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‘McJob’ Dictionary Entry Upsets McDonald’s HQ

An unflattering definition for “McJob”—included in the most recent edition of Merriam-Webster’s Collegiate Dictionary—has upset the McDonald’s corporation.

The dictionary, which claims to be “<?xml:namespace prefix = st1 ns = “urn:schemas-microsoft-com:office:smarttags” />America’s best-selling desk dictionary,” defines a McJob as “a low-paying job that requires little skill and provides little opportunity for advancement.” <?xml:namespace prefix = o ns = “urn:schemas-microsoft-com:office:office” />
 
Other dictionaries, including the American Heritage Dictionary, the Oxford English Dictionary and Webster’s Dictionary, include and similarly define “McJob,” according to a recent Associated Press article.
 
For example, the American Heritage Dictionary defined “McJob” in its fourth edition as “a job, usually in the retail or service sector, that is low paying, often temporary, and offers minimal or no benefits or opportunity for promotion.”
 
But this latest entry in Merriam-Webster’s popular tome prompted serious attention from McDonald’s chairman and CEO Jim Cantalupo.
 
“I take exception to Merriam-Webster’s decision to include the term ‘McJob’ in the most recent edition of its dictionary,” Cantalupo said in a press release.
 
Cantalupo also wrote an open letter to Merriam-Webster’s. It was published in the Nov. 3 edition of Nation’s Restaurant News (and included in Cantalupo’s release).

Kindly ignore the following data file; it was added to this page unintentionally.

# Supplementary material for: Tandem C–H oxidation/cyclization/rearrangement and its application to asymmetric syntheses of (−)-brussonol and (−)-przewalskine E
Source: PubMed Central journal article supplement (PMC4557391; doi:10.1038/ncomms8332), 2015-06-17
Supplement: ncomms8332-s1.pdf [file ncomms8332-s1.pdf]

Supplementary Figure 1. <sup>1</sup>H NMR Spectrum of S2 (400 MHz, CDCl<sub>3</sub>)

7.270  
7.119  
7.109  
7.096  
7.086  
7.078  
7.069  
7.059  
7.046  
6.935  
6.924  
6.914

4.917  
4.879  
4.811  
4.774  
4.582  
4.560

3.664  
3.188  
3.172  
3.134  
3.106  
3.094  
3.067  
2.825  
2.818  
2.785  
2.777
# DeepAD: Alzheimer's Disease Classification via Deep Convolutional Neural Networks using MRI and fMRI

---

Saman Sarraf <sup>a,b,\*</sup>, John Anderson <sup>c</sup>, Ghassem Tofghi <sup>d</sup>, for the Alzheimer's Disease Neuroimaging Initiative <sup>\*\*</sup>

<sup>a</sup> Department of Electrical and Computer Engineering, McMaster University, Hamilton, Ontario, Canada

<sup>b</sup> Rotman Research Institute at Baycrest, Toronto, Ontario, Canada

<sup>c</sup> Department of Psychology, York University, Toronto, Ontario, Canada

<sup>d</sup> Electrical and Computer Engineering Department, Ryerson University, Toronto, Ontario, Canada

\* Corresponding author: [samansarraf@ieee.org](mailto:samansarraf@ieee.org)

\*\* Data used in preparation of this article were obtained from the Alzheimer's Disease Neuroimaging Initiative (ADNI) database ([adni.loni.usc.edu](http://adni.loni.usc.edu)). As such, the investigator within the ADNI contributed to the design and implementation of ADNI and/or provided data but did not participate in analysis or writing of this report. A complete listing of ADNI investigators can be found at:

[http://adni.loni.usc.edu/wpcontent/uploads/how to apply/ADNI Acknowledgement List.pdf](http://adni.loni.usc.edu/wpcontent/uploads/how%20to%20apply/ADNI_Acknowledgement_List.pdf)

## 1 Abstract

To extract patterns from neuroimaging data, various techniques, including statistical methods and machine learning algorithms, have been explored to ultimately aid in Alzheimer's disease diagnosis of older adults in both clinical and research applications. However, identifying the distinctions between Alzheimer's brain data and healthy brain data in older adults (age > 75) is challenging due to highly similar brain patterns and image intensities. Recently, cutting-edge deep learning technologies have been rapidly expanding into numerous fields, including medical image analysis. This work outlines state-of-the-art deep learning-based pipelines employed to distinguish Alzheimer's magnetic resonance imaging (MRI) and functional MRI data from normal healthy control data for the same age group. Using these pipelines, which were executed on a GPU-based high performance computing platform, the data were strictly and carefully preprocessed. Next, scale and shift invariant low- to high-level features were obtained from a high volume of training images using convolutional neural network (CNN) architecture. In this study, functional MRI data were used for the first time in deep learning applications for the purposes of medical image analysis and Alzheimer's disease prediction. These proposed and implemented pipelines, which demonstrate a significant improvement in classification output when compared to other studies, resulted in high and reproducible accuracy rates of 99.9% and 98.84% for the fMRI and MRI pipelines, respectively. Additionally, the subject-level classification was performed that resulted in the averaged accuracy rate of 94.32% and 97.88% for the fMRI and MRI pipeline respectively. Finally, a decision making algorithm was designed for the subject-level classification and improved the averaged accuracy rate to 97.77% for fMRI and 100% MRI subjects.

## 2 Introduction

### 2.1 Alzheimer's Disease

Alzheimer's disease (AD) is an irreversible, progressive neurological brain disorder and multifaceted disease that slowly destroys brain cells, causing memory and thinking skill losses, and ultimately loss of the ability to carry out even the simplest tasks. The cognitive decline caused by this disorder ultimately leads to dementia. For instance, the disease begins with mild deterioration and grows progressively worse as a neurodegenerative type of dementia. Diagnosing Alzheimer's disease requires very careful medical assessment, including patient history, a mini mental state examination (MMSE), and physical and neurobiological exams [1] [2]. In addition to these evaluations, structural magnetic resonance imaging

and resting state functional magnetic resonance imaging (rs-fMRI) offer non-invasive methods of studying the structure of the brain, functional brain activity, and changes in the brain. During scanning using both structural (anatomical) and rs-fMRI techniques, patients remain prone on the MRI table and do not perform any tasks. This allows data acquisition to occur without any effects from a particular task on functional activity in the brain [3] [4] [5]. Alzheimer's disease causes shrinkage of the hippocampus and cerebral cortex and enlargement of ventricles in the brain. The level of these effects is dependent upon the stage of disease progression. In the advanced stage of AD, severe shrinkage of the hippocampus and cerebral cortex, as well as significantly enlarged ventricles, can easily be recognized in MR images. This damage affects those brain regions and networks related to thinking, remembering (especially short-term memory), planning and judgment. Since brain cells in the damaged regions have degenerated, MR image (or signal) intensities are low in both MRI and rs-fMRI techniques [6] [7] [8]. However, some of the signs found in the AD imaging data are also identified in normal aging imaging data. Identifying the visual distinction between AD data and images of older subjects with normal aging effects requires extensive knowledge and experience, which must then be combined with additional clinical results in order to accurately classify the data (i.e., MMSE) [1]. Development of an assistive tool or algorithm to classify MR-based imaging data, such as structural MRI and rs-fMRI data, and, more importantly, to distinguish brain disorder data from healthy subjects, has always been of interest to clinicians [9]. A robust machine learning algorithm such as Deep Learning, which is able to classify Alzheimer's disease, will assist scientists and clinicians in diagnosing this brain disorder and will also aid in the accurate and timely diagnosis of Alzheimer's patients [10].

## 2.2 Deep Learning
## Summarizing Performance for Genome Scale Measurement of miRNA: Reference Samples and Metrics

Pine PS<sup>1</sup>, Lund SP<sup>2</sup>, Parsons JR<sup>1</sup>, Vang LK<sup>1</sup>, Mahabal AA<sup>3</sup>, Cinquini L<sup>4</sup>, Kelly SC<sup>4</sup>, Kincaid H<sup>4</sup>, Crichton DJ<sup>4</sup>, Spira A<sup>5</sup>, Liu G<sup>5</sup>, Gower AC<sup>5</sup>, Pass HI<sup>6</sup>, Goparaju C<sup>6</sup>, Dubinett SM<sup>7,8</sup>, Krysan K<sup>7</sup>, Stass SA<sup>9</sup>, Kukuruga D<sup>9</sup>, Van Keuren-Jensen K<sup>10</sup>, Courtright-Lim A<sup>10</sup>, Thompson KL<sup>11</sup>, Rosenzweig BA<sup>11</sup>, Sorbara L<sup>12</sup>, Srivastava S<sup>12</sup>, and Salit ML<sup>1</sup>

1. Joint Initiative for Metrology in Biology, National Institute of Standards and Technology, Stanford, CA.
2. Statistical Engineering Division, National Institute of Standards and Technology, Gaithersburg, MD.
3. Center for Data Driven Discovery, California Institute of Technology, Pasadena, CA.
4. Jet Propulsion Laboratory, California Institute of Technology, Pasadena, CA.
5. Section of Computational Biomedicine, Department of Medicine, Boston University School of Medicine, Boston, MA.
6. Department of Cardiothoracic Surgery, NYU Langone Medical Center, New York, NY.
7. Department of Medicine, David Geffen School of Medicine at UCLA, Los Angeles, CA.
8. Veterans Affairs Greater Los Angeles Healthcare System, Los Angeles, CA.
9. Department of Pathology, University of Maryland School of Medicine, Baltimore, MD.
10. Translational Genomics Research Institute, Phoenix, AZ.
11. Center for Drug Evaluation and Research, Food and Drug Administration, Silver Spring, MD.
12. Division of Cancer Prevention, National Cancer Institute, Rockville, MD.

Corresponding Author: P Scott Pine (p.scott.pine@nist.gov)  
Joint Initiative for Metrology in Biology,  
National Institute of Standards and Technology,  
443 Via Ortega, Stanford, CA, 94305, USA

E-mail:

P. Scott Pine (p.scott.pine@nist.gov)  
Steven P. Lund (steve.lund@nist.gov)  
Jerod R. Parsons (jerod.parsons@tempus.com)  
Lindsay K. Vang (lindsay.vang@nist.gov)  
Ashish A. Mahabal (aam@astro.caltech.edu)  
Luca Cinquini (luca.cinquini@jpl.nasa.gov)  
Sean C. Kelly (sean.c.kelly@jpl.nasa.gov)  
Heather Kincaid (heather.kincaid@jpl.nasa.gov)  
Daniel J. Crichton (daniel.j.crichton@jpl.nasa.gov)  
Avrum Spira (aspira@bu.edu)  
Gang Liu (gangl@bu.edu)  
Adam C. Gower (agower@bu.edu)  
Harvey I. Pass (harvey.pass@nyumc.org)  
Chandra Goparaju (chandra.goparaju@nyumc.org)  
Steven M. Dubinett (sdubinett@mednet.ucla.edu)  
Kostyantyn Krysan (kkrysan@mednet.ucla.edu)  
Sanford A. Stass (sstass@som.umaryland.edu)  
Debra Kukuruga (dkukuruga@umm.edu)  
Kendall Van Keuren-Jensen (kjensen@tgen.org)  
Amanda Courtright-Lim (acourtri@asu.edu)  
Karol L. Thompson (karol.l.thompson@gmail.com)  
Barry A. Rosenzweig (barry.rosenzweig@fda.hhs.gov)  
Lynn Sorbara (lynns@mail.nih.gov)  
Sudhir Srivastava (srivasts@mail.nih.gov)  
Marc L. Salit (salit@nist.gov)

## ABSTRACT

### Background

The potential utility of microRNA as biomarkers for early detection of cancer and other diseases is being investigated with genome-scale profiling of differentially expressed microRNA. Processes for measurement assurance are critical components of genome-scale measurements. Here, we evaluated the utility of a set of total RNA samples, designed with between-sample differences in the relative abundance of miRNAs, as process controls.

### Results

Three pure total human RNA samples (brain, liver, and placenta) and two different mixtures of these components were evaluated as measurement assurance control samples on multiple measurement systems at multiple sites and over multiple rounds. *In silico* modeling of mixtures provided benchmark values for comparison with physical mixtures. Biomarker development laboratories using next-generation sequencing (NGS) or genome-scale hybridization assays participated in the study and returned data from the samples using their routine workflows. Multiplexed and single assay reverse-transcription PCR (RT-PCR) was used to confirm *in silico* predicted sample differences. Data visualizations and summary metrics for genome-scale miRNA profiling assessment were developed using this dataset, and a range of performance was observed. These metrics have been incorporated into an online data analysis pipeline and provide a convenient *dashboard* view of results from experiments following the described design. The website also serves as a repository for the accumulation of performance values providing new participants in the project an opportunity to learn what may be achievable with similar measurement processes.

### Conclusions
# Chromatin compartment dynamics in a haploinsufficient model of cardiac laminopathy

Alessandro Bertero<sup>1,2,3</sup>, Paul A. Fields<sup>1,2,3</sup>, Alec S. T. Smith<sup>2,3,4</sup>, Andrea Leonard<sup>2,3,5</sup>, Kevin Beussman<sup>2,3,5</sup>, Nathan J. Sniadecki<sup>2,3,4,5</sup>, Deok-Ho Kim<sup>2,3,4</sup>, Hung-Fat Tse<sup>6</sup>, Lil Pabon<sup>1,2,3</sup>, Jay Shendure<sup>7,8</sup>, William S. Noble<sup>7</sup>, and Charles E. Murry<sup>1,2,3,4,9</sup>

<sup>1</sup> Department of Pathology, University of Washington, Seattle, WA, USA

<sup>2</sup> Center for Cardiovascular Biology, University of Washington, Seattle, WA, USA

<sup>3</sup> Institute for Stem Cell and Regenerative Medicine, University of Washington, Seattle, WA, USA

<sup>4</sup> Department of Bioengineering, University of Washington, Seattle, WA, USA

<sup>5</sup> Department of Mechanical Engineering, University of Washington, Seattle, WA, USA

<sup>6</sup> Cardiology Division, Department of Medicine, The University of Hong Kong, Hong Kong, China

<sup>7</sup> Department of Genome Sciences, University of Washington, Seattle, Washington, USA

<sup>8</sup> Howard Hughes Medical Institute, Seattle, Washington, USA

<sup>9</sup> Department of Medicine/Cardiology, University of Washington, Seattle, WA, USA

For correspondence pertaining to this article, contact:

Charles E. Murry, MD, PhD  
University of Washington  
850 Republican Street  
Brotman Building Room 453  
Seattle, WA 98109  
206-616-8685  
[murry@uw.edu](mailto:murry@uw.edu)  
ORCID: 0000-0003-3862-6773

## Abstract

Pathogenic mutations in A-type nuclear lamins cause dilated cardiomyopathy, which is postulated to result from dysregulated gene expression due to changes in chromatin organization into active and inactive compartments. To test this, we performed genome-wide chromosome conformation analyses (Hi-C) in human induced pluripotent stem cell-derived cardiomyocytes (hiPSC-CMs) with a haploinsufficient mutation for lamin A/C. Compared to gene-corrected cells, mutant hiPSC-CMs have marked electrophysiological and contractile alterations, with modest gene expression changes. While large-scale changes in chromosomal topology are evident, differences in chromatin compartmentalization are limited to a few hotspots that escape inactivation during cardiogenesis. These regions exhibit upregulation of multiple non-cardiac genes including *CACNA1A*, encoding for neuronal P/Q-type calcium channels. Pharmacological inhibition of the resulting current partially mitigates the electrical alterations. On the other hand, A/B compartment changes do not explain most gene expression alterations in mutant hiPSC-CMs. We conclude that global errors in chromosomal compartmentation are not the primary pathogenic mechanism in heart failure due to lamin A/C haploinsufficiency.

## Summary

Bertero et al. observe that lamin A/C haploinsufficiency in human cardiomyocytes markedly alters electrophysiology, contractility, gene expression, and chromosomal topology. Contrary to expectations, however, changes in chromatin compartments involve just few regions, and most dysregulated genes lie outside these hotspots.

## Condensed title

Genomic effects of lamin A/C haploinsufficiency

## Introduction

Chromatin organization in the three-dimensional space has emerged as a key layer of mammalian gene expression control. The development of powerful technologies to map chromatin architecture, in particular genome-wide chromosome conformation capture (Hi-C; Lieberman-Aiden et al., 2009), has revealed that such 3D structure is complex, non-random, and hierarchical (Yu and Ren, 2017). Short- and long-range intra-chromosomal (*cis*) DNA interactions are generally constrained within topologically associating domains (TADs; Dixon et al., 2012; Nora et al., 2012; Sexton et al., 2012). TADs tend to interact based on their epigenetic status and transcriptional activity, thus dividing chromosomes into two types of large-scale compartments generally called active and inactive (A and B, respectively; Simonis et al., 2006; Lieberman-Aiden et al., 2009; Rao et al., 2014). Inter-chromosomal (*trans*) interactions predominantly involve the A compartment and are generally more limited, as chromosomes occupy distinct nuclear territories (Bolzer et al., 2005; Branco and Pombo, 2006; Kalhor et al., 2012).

The definition in Merriam-Webster’s Collegiate Dictionary, Cantalupo wrote, “is not only an inaccurate description of restaurant employment but also a slap in the face to the 12 million men and women who work hard every day in America’s 900,000 restaurants.”
 
Cantalupo then argued for the integrity of restaurant employees and provided examples of senior executives who started with a “McJob.” He also pointed out that McDonald’s owns a trademark for McJOBS, which refers to a program training mentally and physically challenged people and placing them in the workforce.
 
“In the interest of accuracy and fairness and to serve readers better,” Cantalupo concluded, “we are confident Merriam-Webster will eliminate its inaccurate definition of restaurant employment in the next edition and on its Internet site right now.”
 
Merriam-Webster’s is standing by its word, according to Reuters, saying that “for more than 17 years ‘McJob’ has been used as we are defining it in a broad range of publications.”